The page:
: The White House appears to have softened its deadline for passage of the health reform bill. "White House spokesman Robert Gibbs said it wasn't a big deal if President Barack Obama's March 18 target for House action on the bill slipped a bit. … Mr. Obama met Thursday with members of the congressional black and Hispanic caucuses to try to build support." The Hispanic lawmakers are threatening to withhold their votes if illegal immigrants aren't allowed to buy health insurance in the exchanges using their own money, but abortion is most likely the biggest sticking point. "Winning over a bloc of anti-abortion Democrats could be the most significant hurdle to House passage." As many as 12 Democratic votes could be pegged to how the abortion funding issue is handled in the final measure (Adamy, 3/12). The Associated Press/USA Today
, in a separate story: Democratic leaders are planning to go ahead without the votes of anti-abortion lawmakers. Rep. Bart Stupak, D-Mich., "has been pushing for stricter provisions and says he and a dozen or so abortion opponents would vote against the health care bill if the Senate's version is retained. Leaders will try to peel off some of those lawmakers and make up for any remaining deficit with Democrats who opposed the health care legislation on the first round, when it passed 220-215. 'Many of the pro-life members are going to support passage of the health care bill,' [House Energy and Commerce Committee Chair Henry] Waxman predicted" (3/11). Roll Call
: There are "cracks showing" in the anti-abortion coalition. "Rep. Dale Kildee (D-Mich.), a key ally of Stupak's, said Wednesday night that he is satisfied that the Senate's abortion language effectively prohibits federal funding of abortions and will probably vote for the bill. And Rep. Marcy Kaptur (D-Ohio) said she would not easily vote for a bill that did not include Stupak's more restrictive language banning insurance coverage of abortion but stopped short of issuing an ultimatum" (Dennis and Newmyer, 3/11). Politico
: "House leaders now believe they can't change the abortion language in the Senate bill under the reconciliation process, which is only supposed to be used on budgetary matters. … Democratic leaders were nonetheless gearing up for a pair of committee hearings next week that will start the clock on a final, down-to-the-wire vote, which will require House Democrats to swallow their significant distaste for the Senate bill and to vote on faith that Senate leaders can muster the support to change it" (O'Connor, 3/11). The Hill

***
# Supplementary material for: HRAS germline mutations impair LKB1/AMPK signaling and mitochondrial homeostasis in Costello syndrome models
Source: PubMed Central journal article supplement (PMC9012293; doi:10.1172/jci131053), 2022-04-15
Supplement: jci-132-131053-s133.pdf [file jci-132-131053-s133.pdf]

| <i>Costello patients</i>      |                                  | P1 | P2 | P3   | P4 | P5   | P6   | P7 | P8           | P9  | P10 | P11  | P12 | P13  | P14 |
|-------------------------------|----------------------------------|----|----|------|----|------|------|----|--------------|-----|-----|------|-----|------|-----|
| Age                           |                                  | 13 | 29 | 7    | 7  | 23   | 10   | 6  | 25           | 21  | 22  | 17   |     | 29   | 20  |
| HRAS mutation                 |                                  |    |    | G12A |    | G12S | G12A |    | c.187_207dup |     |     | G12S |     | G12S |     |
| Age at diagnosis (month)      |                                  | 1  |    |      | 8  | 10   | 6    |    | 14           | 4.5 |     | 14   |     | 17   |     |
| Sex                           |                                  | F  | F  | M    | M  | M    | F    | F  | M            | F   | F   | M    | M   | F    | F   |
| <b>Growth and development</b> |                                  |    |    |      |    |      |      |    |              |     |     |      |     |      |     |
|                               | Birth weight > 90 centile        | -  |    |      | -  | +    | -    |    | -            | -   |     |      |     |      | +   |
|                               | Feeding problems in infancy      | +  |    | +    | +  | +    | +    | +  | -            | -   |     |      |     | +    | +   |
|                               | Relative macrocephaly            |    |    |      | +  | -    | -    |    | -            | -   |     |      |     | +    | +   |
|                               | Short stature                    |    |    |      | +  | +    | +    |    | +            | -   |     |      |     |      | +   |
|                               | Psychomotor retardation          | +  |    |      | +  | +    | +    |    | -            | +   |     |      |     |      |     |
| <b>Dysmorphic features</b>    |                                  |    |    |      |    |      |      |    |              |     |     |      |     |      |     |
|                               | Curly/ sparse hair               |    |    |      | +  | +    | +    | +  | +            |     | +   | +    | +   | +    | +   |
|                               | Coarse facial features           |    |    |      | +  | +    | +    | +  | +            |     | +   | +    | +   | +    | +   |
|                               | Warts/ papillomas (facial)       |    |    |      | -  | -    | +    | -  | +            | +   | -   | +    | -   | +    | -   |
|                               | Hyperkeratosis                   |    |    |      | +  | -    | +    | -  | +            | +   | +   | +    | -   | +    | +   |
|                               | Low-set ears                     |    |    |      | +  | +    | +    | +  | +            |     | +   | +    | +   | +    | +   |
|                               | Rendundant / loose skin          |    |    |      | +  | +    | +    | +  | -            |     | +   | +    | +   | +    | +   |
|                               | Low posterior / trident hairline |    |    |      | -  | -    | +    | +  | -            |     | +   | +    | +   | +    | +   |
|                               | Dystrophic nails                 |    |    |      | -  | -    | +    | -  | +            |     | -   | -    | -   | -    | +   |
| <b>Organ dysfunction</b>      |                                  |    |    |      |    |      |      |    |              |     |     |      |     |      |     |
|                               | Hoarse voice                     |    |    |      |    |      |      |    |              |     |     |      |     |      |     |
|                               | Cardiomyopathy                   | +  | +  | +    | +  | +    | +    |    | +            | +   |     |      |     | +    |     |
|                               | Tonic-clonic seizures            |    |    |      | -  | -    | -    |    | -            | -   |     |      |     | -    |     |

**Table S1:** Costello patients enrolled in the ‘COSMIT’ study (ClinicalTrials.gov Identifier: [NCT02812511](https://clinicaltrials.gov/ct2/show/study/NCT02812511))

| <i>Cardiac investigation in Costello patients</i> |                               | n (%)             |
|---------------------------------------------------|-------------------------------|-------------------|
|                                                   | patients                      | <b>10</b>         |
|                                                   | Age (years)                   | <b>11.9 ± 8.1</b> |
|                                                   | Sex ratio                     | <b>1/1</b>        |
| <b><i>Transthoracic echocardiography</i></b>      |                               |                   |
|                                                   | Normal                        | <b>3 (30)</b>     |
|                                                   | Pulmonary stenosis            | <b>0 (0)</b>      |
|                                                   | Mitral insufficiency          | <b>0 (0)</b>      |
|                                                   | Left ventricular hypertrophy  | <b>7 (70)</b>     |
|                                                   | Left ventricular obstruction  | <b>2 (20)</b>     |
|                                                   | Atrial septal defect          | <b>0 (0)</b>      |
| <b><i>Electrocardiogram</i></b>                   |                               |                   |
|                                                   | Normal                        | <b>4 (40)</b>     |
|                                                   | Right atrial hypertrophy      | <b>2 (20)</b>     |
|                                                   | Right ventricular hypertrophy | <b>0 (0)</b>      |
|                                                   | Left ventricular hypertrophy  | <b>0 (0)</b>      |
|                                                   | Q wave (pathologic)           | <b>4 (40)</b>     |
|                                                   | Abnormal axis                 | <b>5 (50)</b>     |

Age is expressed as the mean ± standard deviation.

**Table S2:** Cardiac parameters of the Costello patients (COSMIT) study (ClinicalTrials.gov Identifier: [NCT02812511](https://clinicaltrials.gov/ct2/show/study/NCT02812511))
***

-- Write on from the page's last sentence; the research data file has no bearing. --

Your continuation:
: "House Budget Committee Chairman John Spratt (D-S.C.) said he would convene members of his panel ... to prepare for a markup, the final stop for the legislation before it is readied for the floor. The next stop would be the Rules Committee, where Chairwoman Louise Slaughter (D-N.Y.) is mulling an arcane maneuver that would allow House Democrats to avoid actually voting on the Senate-passed bill" (Allen and Young, 3/11). CNN
reports the House Budget Committee is expected to vote Monday on the reconciliation bill (Desjardins, 3/12). Bloomberg
: "Obama is pushing Congress to act before lawmakers leave for a two-week recess on March 26. Pelosi said the vote 'is not something we are going to drag out'" (Litvan and Jensen, 3/12).
Democrats Thursday looked for a way forward on a health reform bill as colleagues in the House worried about abortion, other provisions and Senate passage of a reconciliation measure.